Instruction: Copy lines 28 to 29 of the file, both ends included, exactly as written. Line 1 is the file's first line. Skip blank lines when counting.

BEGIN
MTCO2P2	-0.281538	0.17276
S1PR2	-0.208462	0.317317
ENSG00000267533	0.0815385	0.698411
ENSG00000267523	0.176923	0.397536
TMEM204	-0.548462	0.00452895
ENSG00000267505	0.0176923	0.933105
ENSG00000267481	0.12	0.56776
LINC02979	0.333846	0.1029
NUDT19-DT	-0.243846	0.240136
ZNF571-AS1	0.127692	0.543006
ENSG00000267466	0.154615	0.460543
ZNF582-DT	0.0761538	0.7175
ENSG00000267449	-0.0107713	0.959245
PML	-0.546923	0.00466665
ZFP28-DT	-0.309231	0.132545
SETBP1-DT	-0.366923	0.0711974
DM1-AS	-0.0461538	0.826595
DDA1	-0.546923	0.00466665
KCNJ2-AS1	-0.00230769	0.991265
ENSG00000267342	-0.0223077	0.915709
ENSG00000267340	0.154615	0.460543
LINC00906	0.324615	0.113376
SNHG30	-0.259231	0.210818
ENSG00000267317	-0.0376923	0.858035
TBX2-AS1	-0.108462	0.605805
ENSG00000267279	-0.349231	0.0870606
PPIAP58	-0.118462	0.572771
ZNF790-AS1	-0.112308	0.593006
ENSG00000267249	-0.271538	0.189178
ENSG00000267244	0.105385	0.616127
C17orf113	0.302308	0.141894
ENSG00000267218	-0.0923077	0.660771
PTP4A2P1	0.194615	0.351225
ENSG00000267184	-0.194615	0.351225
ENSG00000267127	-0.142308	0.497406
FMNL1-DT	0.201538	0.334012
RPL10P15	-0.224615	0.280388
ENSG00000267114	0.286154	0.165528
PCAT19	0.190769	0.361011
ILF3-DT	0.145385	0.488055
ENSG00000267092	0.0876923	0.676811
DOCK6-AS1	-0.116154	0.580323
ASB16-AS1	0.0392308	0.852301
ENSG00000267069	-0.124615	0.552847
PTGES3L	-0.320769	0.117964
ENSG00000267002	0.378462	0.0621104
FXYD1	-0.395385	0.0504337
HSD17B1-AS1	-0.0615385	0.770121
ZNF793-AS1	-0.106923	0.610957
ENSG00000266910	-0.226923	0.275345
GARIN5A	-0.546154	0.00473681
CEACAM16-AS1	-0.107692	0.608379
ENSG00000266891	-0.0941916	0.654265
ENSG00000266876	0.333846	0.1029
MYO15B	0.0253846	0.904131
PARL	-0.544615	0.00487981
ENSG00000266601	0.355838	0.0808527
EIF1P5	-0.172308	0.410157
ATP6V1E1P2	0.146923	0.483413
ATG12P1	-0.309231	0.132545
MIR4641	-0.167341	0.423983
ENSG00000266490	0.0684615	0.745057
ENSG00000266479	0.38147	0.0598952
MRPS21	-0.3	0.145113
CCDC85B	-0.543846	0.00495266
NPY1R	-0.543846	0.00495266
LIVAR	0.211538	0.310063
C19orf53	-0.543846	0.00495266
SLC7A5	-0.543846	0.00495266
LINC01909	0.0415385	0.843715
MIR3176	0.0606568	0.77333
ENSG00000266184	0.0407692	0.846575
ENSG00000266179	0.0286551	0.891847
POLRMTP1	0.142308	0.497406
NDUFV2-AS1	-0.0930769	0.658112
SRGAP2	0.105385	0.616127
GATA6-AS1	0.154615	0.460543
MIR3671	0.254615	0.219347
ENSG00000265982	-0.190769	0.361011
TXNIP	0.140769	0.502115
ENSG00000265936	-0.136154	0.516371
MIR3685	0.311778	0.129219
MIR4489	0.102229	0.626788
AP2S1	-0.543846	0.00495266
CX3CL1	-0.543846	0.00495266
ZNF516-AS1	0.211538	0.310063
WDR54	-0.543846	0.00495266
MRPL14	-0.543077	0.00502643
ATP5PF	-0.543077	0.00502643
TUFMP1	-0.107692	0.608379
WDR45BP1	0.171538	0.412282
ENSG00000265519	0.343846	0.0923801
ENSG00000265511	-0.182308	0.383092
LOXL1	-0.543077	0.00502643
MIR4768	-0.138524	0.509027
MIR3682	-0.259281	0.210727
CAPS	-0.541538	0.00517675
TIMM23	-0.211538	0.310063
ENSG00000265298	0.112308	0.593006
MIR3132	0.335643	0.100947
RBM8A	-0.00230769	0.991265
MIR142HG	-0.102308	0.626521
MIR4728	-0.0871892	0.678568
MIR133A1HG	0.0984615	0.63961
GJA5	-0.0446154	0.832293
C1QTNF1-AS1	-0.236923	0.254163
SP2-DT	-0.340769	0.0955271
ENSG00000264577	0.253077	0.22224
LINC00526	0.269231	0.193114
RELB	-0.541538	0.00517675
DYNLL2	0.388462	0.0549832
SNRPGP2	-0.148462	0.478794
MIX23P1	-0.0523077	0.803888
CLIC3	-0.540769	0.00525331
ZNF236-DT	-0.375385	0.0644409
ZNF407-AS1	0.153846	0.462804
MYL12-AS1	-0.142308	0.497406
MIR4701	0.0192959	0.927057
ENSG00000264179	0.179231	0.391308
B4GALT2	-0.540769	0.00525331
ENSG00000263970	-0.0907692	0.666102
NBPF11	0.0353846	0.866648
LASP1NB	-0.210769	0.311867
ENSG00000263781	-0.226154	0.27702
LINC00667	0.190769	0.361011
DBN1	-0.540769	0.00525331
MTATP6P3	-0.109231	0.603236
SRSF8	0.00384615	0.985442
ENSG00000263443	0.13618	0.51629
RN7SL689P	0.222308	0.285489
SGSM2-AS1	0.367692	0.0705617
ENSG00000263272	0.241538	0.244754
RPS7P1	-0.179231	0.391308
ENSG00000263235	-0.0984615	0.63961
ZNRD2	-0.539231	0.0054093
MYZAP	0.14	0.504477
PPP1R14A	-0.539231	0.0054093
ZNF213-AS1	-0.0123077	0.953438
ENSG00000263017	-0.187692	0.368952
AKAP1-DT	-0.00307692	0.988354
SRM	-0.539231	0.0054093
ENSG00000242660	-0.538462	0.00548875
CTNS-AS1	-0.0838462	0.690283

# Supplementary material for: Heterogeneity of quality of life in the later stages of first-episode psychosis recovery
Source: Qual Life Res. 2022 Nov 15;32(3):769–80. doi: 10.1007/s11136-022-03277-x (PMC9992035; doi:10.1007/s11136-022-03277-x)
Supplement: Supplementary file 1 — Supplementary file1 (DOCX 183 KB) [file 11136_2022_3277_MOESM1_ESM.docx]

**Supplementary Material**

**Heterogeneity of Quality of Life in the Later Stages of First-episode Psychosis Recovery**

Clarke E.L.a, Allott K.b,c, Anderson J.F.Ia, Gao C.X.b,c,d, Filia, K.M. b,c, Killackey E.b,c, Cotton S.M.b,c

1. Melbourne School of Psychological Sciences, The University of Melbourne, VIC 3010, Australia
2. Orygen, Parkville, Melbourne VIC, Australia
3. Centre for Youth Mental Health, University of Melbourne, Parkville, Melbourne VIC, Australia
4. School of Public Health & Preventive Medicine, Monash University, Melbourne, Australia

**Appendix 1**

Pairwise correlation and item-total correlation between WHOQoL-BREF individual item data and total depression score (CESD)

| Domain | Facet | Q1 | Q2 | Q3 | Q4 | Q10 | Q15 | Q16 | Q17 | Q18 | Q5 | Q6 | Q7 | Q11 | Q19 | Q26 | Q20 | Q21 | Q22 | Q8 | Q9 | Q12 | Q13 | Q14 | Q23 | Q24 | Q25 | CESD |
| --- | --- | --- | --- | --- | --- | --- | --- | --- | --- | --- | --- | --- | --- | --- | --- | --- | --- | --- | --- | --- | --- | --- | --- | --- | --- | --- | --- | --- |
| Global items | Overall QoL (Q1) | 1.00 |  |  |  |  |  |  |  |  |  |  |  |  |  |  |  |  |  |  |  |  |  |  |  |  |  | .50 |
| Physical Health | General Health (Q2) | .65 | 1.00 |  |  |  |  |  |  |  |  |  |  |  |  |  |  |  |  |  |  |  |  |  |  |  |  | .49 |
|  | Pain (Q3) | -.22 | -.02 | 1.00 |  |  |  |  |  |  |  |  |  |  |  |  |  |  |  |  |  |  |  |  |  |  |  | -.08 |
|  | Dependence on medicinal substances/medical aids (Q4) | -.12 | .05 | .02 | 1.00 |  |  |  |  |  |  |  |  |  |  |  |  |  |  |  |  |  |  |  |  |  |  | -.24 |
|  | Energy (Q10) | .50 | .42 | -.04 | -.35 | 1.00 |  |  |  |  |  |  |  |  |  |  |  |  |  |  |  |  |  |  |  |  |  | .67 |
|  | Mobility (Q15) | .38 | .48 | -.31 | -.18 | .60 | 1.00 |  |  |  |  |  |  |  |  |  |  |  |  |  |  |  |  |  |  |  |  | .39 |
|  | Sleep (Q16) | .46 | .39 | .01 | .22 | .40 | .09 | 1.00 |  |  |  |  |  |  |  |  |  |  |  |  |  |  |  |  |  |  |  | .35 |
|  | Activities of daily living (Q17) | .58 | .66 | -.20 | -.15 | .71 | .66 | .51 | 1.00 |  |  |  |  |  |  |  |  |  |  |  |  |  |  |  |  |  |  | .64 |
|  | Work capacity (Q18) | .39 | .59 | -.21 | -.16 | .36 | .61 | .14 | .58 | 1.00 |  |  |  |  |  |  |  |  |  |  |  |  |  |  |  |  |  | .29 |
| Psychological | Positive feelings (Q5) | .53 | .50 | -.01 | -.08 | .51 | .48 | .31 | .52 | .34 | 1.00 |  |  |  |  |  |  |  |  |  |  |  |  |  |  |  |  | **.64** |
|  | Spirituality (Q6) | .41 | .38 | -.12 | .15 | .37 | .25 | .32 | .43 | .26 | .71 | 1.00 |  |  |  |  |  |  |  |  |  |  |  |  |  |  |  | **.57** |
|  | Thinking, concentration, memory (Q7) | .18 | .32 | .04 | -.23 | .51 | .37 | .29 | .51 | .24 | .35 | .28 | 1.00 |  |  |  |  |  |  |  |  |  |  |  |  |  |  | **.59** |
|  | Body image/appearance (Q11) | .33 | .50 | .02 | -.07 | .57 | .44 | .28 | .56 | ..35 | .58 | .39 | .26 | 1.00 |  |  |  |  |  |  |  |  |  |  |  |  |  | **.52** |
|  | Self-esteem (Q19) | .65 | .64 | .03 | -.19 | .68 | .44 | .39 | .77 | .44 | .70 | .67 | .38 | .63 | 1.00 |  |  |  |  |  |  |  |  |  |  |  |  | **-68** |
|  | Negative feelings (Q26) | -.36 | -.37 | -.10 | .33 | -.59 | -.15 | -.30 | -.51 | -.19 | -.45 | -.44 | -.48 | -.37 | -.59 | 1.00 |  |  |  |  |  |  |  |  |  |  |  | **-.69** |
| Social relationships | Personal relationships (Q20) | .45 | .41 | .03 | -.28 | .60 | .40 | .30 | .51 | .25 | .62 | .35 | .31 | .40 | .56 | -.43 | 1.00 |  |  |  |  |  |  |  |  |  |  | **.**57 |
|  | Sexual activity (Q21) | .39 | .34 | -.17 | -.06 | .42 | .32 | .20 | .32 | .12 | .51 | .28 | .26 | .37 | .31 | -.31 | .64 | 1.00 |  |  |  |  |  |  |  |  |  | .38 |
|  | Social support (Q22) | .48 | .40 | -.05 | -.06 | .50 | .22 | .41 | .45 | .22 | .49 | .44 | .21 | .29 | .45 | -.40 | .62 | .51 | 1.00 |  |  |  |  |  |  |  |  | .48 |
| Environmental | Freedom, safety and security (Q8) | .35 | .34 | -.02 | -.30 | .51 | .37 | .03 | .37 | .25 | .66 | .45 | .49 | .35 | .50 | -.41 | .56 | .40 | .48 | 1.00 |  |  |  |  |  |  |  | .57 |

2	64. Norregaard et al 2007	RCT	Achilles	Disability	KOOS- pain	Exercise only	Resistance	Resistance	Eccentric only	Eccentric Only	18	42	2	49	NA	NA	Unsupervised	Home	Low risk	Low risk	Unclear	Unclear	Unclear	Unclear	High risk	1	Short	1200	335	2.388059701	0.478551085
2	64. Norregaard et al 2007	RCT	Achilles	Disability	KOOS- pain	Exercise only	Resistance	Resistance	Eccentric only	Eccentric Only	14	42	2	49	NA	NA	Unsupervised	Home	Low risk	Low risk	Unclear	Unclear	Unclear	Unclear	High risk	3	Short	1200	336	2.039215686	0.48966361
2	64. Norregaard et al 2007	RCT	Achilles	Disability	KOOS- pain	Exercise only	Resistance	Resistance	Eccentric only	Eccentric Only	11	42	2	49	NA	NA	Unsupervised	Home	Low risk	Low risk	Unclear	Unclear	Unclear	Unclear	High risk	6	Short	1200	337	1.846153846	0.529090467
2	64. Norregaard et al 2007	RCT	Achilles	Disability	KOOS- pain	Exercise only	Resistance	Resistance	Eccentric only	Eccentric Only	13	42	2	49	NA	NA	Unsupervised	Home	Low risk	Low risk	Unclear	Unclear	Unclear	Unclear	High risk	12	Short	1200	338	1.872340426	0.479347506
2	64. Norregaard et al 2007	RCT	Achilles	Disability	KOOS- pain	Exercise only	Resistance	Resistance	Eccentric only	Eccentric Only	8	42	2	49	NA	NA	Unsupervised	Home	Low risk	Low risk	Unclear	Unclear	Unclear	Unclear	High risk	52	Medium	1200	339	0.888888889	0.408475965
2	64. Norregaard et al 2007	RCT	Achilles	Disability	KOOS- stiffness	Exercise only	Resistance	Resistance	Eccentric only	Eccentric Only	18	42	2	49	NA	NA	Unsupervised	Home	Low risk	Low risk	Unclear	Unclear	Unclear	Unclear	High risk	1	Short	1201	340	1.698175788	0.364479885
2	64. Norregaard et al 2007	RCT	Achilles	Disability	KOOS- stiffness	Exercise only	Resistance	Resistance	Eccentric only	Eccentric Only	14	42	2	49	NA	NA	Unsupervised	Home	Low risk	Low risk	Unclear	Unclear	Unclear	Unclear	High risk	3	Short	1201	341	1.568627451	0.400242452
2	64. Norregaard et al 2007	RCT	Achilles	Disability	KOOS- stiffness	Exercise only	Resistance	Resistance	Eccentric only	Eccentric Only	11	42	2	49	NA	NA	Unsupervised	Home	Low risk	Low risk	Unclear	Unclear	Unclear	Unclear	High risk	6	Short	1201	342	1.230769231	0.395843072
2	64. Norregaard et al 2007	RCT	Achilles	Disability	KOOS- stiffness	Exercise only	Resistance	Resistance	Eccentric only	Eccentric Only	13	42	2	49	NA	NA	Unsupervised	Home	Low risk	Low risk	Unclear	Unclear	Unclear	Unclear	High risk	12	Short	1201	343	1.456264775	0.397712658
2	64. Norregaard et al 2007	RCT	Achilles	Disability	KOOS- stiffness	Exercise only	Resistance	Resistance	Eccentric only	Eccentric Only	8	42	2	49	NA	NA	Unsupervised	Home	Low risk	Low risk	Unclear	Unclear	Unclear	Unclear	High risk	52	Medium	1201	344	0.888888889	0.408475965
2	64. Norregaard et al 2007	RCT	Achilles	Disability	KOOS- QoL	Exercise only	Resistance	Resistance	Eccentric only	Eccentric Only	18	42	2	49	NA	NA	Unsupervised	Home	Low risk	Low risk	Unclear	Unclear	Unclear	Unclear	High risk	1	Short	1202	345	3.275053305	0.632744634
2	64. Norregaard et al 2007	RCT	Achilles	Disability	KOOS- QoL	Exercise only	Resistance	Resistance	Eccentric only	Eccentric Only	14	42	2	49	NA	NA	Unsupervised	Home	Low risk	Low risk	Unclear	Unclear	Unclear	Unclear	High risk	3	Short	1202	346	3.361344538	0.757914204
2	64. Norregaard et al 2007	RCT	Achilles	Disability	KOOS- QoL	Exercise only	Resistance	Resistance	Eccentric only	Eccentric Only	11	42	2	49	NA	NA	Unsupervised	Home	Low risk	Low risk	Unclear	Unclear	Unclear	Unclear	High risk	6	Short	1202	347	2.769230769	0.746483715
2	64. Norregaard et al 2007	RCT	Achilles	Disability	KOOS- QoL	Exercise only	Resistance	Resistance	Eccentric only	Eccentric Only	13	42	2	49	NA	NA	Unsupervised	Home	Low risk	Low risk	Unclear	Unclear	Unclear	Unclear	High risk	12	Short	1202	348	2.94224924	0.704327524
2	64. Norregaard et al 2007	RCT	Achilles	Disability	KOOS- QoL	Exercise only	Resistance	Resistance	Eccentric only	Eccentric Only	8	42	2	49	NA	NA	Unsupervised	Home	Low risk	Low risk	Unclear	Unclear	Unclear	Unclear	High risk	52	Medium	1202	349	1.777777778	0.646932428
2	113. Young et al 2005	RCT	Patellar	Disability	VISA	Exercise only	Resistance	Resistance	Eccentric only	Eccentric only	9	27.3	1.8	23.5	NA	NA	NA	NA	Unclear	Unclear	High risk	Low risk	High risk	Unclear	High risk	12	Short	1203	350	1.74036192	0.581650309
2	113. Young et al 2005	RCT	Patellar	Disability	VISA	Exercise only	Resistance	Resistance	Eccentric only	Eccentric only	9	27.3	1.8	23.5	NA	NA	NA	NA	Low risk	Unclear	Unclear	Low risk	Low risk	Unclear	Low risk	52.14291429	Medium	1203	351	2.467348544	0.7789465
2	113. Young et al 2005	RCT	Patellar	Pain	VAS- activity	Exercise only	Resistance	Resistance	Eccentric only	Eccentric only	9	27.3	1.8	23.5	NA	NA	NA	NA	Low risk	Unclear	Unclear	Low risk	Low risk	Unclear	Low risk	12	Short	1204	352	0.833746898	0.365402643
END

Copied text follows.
ZNF790-AS1	-0.112308	0.593006
ENSG00000267249	-0.271538	0.189178